Several women played significant roles in Martin Luther King’s life and activism. In an interview, Marcia Chatelain, who is a professor of history and African American studies at Georgetown University noted that “there would be no King holiday, no civil rights movement, no opportunity to be reflective of how far we’ve come if it wasn’t for scores of women.”
“Women were significant in his life, their intellectual production, their spiritual accompaniment. … Women surrounded him in so many ways,” the Rev. Naomi Washington-Leapheart, a professor of theology and religious studies at Villanova University, also said.
One of such women was his wife, Coretta Scott King. Also a staunch civil rights activist in her own right, Coretta inspired her husband, strategized with him, and also helped him lead civil rights protests and demonstrations. And though music was her first love, it was also through music that she met her second love and future husband.
Coretta met her husband while she was enrolled at the New England Conservatory of Music in Boston and while he was studying at Boston University. Per Boston Magazine, the pair first met on a blind date around the school in January 1952.
“I waited for him on the steps outside the conservatory on the Huntington Avenue side,” she wrote in her 1969 autobiography, My Life with Martin Luther King, Jr. “The green car pulled up to the curb, and as I walked down the steps, I could see the young man sitting in the car.”
But King was said to be heartbroken at the time he stepped foot into Boston. Upon the advice of his mates at Pennsylvania’s Crozer Theological Seminary, King had broken things up with his former longtime White girlfriend after they told him the Ebenezer Baptist Church in his native Atlanta would not recognize her as the “first lady” of the congregation. At the time, King was set to replace his father as pastor.
Coretta ultimately came into the picture after King asked Mary Louise Powell – an acquaintance – about available coeds at New England Conservatory. Mary, who was also a student at the school and knew Coretta, eventually set him up with his future wife. The pair went on a lunch date after speaking on the phone. And though King fell in love with Coretta the first time he saw her, the feeling wasn’t mutual, per Boston Magazine.
“My first thought was, ‘How short he seems,’ and the second was, ‘How unimpressive he looks,’” Coretta wrote. Her initial thoughts, however, did not have any effect on their planned date. During their lunch, Coretta recalled King telling her that she had everything he “ever wanted in a wife.” But she responded saying, “You don’t even know me.”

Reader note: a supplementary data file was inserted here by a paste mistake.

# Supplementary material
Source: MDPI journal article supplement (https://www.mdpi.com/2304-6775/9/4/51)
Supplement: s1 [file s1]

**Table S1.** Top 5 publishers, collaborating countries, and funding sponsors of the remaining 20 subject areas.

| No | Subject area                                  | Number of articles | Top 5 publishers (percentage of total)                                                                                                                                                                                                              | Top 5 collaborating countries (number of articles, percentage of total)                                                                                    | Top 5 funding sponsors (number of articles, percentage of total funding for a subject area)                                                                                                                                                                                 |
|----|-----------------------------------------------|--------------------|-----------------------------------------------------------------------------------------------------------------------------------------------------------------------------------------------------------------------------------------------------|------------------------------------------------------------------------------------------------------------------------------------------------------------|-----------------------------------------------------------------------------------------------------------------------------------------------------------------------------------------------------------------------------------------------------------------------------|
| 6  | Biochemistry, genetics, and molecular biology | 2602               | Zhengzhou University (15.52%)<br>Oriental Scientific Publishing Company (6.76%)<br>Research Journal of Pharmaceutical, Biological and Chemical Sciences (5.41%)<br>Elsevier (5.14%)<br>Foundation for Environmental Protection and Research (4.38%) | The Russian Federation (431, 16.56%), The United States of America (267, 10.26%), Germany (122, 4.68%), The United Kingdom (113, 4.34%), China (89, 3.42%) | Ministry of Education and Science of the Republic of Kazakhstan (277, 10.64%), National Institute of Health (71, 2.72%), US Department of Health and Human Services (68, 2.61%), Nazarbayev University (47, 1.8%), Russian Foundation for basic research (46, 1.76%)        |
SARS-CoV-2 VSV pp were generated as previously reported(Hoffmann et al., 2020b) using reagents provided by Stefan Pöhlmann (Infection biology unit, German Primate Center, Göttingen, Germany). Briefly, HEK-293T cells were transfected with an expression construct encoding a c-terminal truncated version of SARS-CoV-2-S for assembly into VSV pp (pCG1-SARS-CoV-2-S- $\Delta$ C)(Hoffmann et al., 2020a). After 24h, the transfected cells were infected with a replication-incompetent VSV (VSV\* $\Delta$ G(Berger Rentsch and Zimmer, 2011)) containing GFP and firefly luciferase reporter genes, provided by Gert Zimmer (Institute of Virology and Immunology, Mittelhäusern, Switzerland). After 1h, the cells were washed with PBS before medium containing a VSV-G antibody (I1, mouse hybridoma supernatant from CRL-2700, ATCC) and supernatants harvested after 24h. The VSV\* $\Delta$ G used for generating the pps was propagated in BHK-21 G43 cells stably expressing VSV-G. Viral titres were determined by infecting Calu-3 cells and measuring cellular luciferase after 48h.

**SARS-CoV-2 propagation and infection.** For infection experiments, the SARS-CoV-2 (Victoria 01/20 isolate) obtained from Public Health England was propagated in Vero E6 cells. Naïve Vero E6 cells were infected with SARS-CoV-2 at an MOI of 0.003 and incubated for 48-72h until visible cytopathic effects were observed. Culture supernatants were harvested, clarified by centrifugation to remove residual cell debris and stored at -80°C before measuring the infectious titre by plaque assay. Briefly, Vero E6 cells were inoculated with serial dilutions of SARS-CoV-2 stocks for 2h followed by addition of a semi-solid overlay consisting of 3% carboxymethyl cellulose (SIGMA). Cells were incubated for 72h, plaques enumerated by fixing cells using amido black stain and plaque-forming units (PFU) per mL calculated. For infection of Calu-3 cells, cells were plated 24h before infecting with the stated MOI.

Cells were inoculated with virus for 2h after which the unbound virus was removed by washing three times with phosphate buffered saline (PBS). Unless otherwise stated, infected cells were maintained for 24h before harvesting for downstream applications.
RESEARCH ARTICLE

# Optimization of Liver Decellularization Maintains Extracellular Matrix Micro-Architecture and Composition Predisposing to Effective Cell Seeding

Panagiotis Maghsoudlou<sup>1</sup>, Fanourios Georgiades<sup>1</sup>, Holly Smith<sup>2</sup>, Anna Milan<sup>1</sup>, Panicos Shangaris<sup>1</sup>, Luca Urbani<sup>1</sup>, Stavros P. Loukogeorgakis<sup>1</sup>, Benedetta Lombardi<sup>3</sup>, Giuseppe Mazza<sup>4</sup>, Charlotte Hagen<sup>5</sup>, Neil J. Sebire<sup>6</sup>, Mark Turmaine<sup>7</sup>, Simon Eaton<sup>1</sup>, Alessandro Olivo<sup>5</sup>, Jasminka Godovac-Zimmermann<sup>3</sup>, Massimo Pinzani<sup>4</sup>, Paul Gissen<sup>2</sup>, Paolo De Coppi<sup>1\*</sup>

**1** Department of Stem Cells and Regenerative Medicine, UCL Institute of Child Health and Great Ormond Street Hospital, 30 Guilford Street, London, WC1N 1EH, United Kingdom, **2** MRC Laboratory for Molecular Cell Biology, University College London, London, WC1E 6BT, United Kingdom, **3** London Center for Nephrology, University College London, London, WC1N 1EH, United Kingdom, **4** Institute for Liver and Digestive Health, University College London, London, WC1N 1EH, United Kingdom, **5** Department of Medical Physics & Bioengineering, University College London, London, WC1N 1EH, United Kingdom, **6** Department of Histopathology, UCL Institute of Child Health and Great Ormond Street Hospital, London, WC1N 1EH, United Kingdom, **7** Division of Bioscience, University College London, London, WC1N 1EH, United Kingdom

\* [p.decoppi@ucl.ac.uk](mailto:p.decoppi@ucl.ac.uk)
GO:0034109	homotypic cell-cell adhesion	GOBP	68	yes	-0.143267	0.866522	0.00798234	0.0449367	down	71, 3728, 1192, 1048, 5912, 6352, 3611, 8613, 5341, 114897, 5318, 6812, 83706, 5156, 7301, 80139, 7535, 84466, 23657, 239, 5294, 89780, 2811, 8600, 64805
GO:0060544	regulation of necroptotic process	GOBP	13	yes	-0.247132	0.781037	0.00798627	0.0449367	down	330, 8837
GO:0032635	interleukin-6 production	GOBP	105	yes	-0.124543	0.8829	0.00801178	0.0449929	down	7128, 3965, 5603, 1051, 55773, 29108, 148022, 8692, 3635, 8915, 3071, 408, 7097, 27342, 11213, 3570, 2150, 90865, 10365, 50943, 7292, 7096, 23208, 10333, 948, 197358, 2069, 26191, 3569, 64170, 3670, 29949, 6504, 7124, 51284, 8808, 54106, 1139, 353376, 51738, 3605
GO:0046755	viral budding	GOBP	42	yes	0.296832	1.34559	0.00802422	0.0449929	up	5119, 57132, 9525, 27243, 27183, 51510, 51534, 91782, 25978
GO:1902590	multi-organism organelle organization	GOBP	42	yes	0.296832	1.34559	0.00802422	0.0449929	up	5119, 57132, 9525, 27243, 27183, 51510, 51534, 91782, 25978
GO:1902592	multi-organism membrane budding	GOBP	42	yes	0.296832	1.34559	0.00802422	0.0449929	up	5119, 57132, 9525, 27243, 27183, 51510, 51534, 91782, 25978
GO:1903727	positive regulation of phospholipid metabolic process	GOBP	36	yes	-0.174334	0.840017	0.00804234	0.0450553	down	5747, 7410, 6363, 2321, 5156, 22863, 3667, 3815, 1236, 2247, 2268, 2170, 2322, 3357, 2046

Coretta’s initial reservations did not, however, stop King from winning her heart as they eventually became inseparable. They also took their relationship to the next level after Coretta moved to King’s neighborhood. The pair then introduced each other to their relatives. But Coretta’s relationship with Martin’s father did not start off well.
“He’s gone out with some of the finest girls—beautiful girls, intelligent, from fine families,” Martin’s father told Coretta at the time. “Those girls have a lot to offer.”
The initial opinion of Coretta’s future father-in-law did not deter her as the couple’s engagement was announced the following easter. In June 1953, the couple tied the knot in a ceremony that was officiated by King’s father. The couple then briefly stayed in Atlanta before returning to Boston for their last year in the city, Boston Magazine reported.
The couple ultimately moved to Alabama, where they found themselves in the Montgomery bus boycott, two years later which cemented the couple’s involvement in the civil rights movement.
Just before the boycott, the Kings’ Montgomery house was bombed while Coretta was home alone with their child. They both survived and Coretta’s father and father-in-law pleaded with her to leave Montgomery but she refused, saying that she was not only married to King but married to the movement as well. King later said that if she had left Montgomery, he would have followed her and there may have never been a Montgomery bus boycott.
“My wife was always stronger than I was through the struggle. While she had certain natural fears and anxieties concerning my welfare, she never allowed them to hamper my active participation in the movement,” King said in The Autobiography of Martin Luther King Jr. “In the darkest moments, she always brought the light of hope. I am convinced that if I had not had a wife with the fortitude, strength, and calmness of Corrie, I could not have withstood the ordeals and tensions surrounding the movement.”
When her husband was assassinated on April 4, 1968, Coretta led her husband’s planned march through Memphis to support striking sanitation workers four days later. She went on to build the Martin Luther King Jr. Center for Non-Violence Social Change in Atlanta and the Philadelphia Martin Luther King Jr. Association for Non-Violence Incorporation. She also traveled to countries “speaking about unity and equality, taking a stance for women’s rights, and fighting against segregation and injustice,” according to a report by The Philadelphia Tribune.
Coretta suffered a heart attack and stroke in August 2005 and died on January 30, 2006, while seeking treatment for ovarian cancer in Mexico. She was 78.
Her funeral held on February 7, 2006, at the New Birth Missionary Baptist Church in Georgia, had over 14,000 people in attendance, including U.S. Presidents George W. Bush, George H.W. Bush, Jimmy Carter, and Bill Clinton, as well as Barack Obama, then a senator.